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Obsessive-Compulsive Disorder (OCD) and Related Disorders in Children and Adolescents


Josephine Elia

, MD, Nemours/A.I. duPont Hospital for Children

Reviewed/Revised May 2023

Obsessive-compulsive disorder is characterized by recurring, unwanted, intrusive doubts, ideas, images, or impulses (obsessions) and unrelenting urges to do actions (compulsions) to try to lessen the anxiety caused by the obsessions. The obsessions and compulsions cause great distress and interfere with school and relationships.

On average, obsessive-compulsive disorder (OCD) begins at about age 19 to 20 years, but about 25% of cases begin before age 14. The disorder often lessens after children reach adulthood.

Obsessive-compulsive disorder includes several related disorders:

Genes and environmental factors are thought to cause OCD. Studies show that gene networks of OCD are highly complex and are involved in many of the body's processes, including development of the brain and nervous system, the immune system, and the inflammatory system.

There is some evidence that infections may be involved in a few cases of OCD that begin suddenly (overnight). If the bacteria streptococci are involved, the disorder is called pediatric autoimmune neuropsychiatric disorder associated with streptococcus (PANDAS). If other infections (such as Mycoplasma pneumoniae infection) are involved, the disorder is called pediatric acute-onset neuropsychiatric syndrome (PANS). Researchers continue to study the connection between infections and OCD.


Typically, symptoms of OCD develop gradually, and most children can hide their symptoms at first.

Children are often obsessed with worries or fears of being harmed—for example, of contracting a deadly disease or of injuring themselves or others. They feel compelled to do something to balance or neutralize their worries and fears. For example, they may repeatedly do the following:

  • Check to make sure they turned off their alarm or locked a door

  • Wash their hands excessively, resulting in raw, chapped hands

  • Count various things (such as steps)

  • Sit down and get up from a chair

  • Constantly clean and arrange certain objects

  • Make many corrections in schoolwork

  • Chew food a certain number of times

  • Avoid touching certain things

  • Make frequent requests for reassurance, sometimes dozens or even hundreds of times per day

Some obsessions and compulsions have a logical connection. For example, children who are obsessed with not getting sick may wash their hands very frequently. However, some are totally unrelated. For example, children may count to 50 over and over to prevent a grandparent from having a heart attack. If they resist the compulsions or are prevented from carrying them out, they become extremely anxious and concerned.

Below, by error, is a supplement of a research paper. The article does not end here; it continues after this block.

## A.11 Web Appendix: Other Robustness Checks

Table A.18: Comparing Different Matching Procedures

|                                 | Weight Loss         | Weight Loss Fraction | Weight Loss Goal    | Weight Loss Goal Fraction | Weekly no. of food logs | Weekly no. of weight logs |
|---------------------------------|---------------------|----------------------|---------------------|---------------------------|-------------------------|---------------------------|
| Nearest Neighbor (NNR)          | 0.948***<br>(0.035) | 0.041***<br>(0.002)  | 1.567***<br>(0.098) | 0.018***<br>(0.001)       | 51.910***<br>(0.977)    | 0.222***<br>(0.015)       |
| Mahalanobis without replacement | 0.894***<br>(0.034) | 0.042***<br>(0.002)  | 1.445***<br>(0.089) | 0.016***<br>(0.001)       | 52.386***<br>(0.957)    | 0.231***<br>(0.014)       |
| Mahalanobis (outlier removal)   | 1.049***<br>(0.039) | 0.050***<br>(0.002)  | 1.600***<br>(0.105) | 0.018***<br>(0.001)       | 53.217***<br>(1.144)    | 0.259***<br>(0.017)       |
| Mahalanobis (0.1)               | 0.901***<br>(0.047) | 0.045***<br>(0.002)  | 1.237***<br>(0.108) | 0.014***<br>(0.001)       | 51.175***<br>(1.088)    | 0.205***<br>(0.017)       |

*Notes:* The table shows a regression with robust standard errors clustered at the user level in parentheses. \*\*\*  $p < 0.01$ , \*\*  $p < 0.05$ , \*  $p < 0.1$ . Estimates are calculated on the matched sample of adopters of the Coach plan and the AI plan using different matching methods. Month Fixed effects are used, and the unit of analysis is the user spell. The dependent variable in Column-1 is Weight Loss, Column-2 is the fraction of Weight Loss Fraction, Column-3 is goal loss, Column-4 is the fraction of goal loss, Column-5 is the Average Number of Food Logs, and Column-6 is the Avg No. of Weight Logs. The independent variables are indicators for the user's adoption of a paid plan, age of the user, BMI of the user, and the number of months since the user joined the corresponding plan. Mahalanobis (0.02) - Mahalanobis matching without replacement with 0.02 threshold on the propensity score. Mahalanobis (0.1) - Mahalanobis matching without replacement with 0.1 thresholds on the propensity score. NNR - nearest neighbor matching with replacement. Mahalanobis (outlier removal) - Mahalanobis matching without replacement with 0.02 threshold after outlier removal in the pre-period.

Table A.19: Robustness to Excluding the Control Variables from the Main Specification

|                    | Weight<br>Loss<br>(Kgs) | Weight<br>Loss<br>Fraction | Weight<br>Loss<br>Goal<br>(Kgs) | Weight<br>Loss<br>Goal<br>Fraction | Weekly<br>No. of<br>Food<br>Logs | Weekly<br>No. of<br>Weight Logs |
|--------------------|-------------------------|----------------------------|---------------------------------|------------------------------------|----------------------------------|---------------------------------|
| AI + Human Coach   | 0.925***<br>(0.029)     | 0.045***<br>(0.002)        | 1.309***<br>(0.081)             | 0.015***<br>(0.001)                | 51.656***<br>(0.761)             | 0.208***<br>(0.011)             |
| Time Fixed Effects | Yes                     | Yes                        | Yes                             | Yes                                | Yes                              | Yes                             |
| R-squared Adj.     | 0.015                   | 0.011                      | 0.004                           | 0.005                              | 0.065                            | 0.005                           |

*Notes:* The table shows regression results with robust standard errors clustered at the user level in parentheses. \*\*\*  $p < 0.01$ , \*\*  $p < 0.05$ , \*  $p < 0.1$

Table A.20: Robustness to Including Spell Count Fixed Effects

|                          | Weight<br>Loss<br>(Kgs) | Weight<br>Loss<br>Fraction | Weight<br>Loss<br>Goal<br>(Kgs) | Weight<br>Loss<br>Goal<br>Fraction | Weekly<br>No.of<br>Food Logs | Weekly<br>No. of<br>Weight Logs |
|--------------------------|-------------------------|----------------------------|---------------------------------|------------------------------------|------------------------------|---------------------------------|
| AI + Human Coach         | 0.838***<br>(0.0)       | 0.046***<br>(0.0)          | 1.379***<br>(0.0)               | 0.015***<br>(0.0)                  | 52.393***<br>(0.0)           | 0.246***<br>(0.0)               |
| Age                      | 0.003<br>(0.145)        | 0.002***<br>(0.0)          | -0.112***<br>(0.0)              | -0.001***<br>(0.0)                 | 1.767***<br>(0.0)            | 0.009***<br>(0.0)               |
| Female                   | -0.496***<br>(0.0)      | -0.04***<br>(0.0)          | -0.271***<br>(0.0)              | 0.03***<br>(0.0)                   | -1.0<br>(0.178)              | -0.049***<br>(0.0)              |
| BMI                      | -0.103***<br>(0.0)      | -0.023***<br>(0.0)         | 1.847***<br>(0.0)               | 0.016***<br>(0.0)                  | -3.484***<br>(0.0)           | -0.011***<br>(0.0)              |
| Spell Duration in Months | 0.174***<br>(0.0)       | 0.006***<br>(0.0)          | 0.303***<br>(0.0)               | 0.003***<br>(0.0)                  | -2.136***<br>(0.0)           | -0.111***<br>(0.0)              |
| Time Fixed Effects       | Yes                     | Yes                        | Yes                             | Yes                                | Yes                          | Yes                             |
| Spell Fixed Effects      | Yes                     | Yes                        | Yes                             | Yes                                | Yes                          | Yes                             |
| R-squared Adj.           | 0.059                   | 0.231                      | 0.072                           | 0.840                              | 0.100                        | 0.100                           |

Most children have some idea that their obsessions and compulsions are abnormal and are often embarrassed by them and try to hide them. However, some children strongly believe that their obsessions and compulsions are valid.

OCD resolves after a few years in about 5% of children and by early adulthood in about 40%. In other children, the disorder tends to be chronic, but with continuing treatment, most children can function normally. About 5% of children do not respond to treatment and remain greatly impaired.


  • A visit with a doctor or behavioral health specialist

  • Sometimes questionnaires about symptoms

Doctors base the diagnosis of OCD on symptoms. Several visits may be needed before children with OCD trust a doctor enough to tell the doctor their obsessions and compulsions.

For OCD to be diagnosed, the obsessions and compulsions must cause great distress and interfere with the child's ability to function.

If doctors suspect that an infection may be involved, they usually consult with a specialist in these disorders.


  • Cognitive-behavioral therapy

  • Sometimes medications

Cognitive-behavioral therapy, if available, may be all that is needed if children are highly motivated.

If needed, a combination of cognitive-behavioral therapy and a type of antidepressant called a selective serotonin reuptake inhibitor Selective serotonin reuptake inhibitors (SSRIs) Several types of medications can be used to treat depression: Selective serotonin reuptake inhibitors (SSRIs) Norepinephrine-dopamine reuptake inhibitors, serotonin modulators, and serotonin-norepinephrine... read more (SSRI) is usually effective for OCD. This combination enables most children to function normally. If SSRIs are ineffective, doctors may prescribe clomipramine, another type of antidepressant. However, it can have serious side effects. Other options are available if these do not work.

If treatment is ineffective, children may need to be treated as inpatients in a facility where intensive behavioral therapy can be done and medications can be managed.

If streptococcal infection (PANDAS) or another infection (PANS) is involved, antibiotics are usually used. If needed, cognitive-behavioral therapy and the medications typically used to treat OCD are also used.

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